(e) Comparative analysis

Comparative analyses inherently face the possibility that similarity among species reflects the inertia of common ancestry as well as evolutionary adaptation. To factor out effects of common ancestry, we computed phylogenetically independent contrasts (Felsenstein 1985), implemented with the phylogenetic diversity analysis programs (PDAPs) (Midford et al. 2005) module in the program Mesquite (Maddison & Maddison 2006). We based our tests on a new phylogeny (figure 1) obtained from a Bayesian analysis of the dataset used in the most recent examination of Synalpheus relationships (Morrison et al. 2004). The data included a sequence alignment from Morrison et al. (2004) of 1067 genetic characters from portions of the mitochondrial cytochrome c oxidase subunit I and 16S rRNA genes, as well as 66 morphological characters. We analysed the data using MrBayes v. 3.12 (Ronquist & Huelsenbeck 2003), with a GTR +I +Γ model, the most appropriate according to Modeltest v. 3.7 (Posada & Crandall 1998), for the molecular data, with parameters independently calculated for the two genes, and the MK model of Lewis (2001) for the morphological data. We ran two simultaneous Markov chain Monte Carlo searches with four chains each for 25 million generations, and sampled the chain every 1000 generations.

Figure 1.

Phylogenetic tree of selected West Atlantic Synalpheus species. The tree is a consensus of 24 000 trees from a Bayesian phylogenetic analysis of combined COI, 16S, and morphological characters (data from Morrison et al. 2004). Numbers represent Bayesian posterior probabilities for clades with probabilities more than 50%. Clades with probabilities less than 50% are collapsed into polytomies. Synonymies of these species names with those used in previous publications are listed in the electronic supplementary material, table S2.

Comparative analyses were performed using pruned phylograms (i.e. with branch lengths proportional to the amount of change along a branch) containing only the 20 Belizean species studied (figure 2). Because Bayesian phylogenetic analyses result in consensus trees, while phylogenetically independent contrasts require strictly bifurcating trees (Felsenstein 1985), we computed contrasts on the pruned versions of the five highest-likelihood trees obtained in the Bayesian analysis.

Figure 2.

Phylogenetic tree of Synalpheus species from Belize. The tree is the highest-likelihood tree from a Bayesian phylogenetic analysis of combined COI, 16S, and morphological characters (data from Morrison et al. 2004), pruned to show only those Belizean species used in the comparative analyses. Branch colour indicates social organization, ranging from blue for pair-forming species (eusociality index, E = 0) to red for eusocial species (E ≈ 1). Black rectangles denote species with direct development into crawling, non-dispersing larvae, and open rectangles represent species whose eggs hatch into swimming larvae; the grey rectangle indicates that both types of development have been observed. Synonymies of these species names with those used in previous publications are listed in the electronic supplementary material, table S2.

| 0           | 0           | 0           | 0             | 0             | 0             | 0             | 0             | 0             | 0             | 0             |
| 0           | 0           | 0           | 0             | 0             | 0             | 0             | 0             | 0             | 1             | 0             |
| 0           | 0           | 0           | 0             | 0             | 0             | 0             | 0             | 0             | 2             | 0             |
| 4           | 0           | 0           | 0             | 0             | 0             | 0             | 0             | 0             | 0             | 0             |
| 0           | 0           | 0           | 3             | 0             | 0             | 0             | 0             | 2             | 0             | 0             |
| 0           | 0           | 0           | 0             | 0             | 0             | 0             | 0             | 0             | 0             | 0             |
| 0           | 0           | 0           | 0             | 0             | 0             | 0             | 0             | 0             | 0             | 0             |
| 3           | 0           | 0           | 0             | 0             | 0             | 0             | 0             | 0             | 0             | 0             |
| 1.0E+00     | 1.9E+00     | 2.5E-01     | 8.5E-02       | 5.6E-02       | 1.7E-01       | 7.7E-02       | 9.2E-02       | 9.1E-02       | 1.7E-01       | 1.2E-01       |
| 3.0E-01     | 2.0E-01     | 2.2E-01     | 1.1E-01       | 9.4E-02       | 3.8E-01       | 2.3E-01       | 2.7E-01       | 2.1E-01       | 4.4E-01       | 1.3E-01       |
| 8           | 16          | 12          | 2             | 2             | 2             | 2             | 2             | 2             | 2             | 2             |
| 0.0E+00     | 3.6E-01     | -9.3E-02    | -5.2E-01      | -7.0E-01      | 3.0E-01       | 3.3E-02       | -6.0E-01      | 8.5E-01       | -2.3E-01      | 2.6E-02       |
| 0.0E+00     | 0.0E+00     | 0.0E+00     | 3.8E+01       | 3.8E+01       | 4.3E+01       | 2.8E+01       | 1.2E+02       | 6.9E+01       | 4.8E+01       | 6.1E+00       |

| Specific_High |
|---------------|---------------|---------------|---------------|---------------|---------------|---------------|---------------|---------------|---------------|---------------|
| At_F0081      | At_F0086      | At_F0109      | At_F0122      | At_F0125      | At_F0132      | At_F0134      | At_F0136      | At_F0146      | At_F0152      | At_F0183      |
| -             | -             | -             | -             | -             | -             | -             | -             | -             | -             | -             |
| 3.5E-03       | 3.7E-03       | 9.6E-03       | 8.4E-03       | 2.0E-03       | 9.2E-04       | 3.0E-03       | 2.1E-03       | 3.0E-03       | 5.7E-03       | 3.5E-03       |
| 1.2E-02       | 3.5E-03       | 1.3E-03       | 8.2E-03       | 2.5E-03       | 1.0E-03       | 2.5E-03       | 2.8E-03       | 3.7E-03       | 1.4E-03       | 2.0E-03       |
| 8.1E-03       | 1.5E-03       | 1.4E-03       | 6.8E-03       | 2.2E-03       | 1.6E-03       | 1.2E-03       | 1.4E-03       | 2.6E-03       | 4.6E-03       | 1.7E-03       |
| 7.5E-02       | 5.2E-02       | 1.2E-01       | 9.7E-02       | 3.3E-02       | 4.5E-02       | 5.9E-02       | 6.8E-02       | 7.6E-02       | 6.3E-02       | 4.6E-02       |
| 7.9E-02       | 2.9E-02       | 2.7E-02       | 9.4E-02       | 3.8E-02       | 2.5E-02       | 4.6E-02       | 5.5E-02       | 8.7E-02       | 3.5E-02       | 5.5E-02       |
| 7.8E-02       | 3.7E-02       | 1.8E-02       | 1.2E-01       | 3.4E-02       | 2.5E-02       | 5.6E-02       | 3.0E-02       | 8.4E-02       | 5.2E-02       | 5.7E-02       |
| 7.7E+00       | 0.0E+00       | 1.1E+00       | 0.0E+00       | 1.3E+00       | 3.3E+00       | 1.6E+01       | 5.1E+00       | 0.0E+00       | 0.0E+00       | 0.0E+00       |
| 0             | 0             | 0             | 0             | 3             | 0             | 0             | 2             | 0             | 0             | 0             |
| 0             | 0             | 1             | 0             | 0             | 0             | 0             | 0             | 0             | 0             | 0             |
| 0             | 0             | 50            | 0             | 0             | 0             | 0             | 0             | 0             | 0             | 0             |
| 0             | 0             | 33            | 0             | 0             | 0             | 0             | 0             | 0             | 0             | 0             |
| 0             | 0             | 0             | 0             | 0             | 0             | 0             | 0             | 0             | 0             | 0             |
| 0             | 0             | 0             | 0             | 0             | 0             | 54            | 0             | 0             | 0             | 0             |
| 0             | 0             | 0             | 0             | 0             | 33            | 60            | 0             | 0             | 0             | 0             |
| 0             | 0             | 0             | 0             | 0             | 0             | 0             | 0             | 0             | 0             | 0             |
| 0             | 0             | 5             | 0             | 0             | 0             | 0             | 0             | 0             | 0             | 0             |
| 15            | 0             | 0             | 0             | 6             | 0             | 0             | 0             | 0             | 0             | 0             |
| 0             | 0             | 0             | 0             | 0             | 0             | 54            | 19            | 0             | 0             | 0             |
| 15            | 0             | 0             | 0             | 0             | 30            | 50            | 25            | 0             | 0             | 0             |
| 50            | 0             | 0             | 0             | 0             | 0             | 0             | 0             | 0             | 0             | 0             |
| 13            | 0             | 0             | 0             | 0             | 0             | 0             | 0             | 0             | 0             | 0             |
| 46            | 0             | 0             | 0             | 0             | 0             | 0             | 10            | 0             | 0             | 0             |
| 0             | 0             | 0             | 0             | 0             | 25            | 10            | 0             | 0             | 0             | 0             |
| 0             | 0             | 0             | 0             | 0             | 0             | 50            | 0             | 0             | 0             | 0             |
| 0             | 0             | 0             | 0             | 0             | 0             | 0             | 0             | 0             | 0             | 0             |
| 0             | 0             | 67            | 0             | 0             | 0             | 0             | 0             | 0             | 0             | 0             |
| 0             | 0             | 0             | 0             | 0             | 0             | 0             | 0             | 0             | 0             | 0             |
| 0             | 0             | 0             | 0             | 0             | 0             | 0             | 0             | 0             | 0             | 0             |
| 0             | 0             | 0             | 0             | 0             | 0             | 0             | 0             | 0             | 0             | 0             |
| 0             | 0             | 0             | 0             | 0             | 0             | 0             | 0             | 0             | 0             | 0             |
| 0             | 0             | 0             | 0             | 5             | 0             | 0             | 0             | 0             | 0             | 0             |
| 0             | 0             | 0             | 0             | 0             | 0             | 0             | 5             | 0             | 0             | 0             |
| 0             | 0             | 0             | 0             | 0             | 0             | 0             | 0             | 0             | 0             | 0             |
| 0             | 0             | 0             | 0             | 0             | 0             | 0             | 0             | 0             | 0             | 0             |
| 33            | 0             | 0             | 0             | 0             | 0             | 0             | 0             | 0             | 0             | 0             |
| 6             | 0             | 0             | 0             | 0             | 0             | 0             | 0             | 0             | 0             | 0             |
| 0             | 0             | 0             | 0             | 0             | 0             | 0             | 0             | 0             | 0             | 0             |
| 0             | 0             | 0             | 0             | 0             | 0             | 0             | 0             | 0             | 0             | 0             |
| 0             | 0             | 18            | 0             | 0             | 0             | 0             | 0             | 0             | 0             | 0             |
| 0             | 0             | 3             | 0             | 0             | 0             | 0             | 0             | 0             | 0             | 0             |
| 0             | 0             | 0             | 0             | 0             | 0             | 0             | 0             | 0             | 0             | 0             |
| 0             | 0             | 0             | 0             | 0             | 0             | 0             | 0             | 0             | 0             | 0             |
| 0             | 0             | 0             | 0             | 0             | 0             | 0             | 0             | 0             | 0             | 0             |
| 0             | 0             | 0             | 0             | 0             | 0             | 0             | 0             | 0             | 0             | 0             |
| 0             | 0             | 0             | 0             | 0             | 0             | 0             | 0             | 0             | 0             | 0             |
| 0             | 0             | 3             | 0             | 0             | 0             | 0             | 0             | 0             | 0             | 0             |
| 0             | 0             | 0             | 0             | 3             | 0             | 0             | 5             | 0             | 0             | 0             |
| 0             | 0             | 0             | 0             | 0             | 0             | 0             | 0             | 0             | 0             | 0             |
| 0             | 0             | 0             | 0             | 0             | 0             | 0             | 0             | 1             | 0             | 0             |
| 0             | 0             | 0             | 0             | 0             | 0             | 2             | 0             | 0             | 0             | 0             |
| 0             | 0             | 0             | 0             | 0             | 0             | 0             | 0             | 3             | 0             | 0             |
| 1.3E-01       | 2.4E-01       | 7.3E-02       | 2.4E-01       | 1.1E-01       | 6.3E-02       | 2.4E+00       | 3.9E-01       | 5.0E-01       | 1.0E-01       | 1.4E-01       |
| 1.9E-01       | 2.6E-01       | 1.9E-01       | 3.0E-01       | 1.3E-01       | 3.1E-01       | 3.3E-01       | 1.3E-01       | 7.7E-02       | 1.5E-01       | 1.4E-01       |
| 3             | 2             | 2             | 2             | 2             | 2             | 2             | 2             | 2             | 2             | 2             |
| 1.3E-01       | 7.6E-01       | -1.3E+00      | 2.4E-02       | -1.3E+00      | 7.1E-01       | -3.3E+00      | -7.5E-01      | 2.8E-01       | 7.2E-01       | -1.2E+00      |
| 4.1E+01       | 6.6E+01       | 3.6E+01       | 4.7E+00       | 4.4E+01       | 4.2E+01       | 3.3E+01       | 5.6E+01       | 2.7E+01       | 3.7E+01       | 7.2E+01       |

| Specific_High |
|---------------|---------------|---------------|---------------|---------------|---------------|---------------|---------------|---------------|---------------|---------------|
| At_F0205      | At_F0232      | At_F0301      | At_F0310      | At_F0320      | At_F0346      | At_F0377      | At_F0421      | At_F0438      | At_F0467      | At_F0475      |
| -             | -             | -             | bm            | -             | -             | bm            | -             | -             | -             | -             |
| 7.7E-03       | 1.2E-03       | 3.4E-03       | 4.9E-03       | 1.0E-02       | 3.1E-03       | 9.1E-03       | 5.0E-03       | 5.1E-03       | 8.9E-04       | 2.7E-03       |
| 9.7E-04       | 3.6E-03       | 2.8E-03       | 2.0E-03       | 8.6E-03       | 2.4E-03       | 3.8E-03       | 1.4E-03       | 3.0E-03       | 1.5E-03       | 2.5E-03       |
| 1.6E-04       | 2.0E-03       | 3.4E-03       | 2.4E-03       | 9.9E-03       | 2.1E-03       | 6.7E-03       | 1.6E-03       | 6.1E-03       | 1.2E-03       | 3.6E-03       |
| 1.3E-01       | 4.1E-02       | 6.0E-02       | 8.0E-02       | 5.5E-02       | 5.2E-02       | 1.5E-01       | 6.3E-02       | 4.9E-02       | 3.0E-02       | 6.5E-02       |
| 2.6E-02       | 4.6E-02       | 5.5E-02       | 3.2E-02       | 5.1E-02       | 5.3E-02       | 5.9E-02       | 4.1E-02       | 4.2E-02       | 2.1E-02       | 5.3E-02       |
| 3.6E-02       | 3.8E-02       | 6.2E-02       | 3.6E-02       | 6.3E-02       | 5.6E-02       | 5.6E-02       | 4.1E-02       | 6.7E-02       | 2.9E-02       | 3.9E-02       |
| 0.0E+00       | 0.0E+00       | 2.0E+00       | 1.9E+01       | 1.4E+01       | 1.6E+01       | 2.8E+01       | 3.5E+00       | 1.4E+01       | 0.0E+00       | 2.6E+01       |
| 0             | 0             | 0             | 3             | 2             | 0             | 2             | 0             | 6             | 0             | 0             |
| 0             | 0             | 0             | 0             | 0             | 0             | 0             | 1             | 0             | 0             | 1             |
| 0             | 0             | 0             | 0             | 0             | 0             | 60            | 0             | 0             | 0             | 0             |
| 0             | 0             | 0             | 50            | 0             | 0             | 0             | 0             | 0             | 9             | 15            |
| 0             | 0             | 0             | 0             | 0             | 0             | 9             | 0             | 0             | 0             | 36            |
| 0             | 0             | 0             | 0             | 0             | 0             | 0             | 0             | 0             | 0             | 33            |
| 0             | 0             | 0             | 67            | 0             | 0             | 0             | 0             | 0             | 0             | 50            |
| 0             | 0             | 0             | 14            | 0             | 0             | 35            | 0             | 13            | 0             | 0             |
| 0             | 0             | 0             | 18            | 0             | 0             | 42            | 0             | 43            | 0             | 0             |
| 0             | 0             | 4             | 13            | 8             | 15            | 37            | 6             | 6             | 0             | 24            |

We used multiple regression to test the relative influence of social organization (E index) and body mass on ecological characteristics of Synalpheus species; separate regressions, constrained to pass through the origin, were conducted using raw values and phylogenetically independent contrast values. Since body masses were negatively correlated with E (see §3), we also visualized the independent effects of E and body mass as follows. We first regressed contrast values for a response variable (y) against contrasts of body mass (x), then plotted the residuals as the size-corrected estimates of that response variable against contrasts for E. Similarly, we examined the importance of body mass after correcting for sociality by first regressing contrasts of the response variable (y) against contrasts of E (x), and then plotting the residuals as sociality-corrected contrasts of the response variable against contrasts for body mass. Species mean values are presented in the electronic supplementary material, table S1.

We used Maddison's (1990) concentrated changes test (CCT), implemented in MacClade v. 4, to test whether the phylogenetic association between eusociality and direct development was stronger than expected by chance. In essence, CCT determines whether evolution of two characters is correlated by testing whether changes in one character (eusociality) are significantly concentrated on those branches featuring a second character (direct development). For this analysis we treated eusociality as a binary character since the values of E fell into two relatively discrete groups (see §3). Because we have records of both swimming and crawling larvae from Synalpheus idios, we ran separate CCT analyses with S. idios larvae coded as swimming or crawling; in both cases we conducted CCT tests on the top five highest-likelihood trees returned by the Bayesian analysis.

3. Results

In both runs of the Bayesian phylogenetic analysis likelihood values converged and reached stationarity within the first 500 trees sampled; we therefore removed the first 500 trees from each run before computing a consensus of the remaining 24 000 sampled trees. The topology of the resultant consensus tree of the COI + 16S + morphological data (figure 1) was similar to the COI + 16S consensus tree of Morrison et al. (2004, their Fig. 2C), supporting a monophyletic Synalpheus gambarelloides group (posterior probability 100%), and within that clade the monophyly of the S. brooksi group, Synalpheus pandionis group, and Synalpheus rathbunae group. Posterior probabilities of our consensus tree were considerably higher throughout the tree than those of Morrison et al. (2004), especially in support of the S. gambarelloides group and the S. rathbunae group. However, as also found by Morrison et al. (2004), many of the deeper interior nodes remained poorly supported.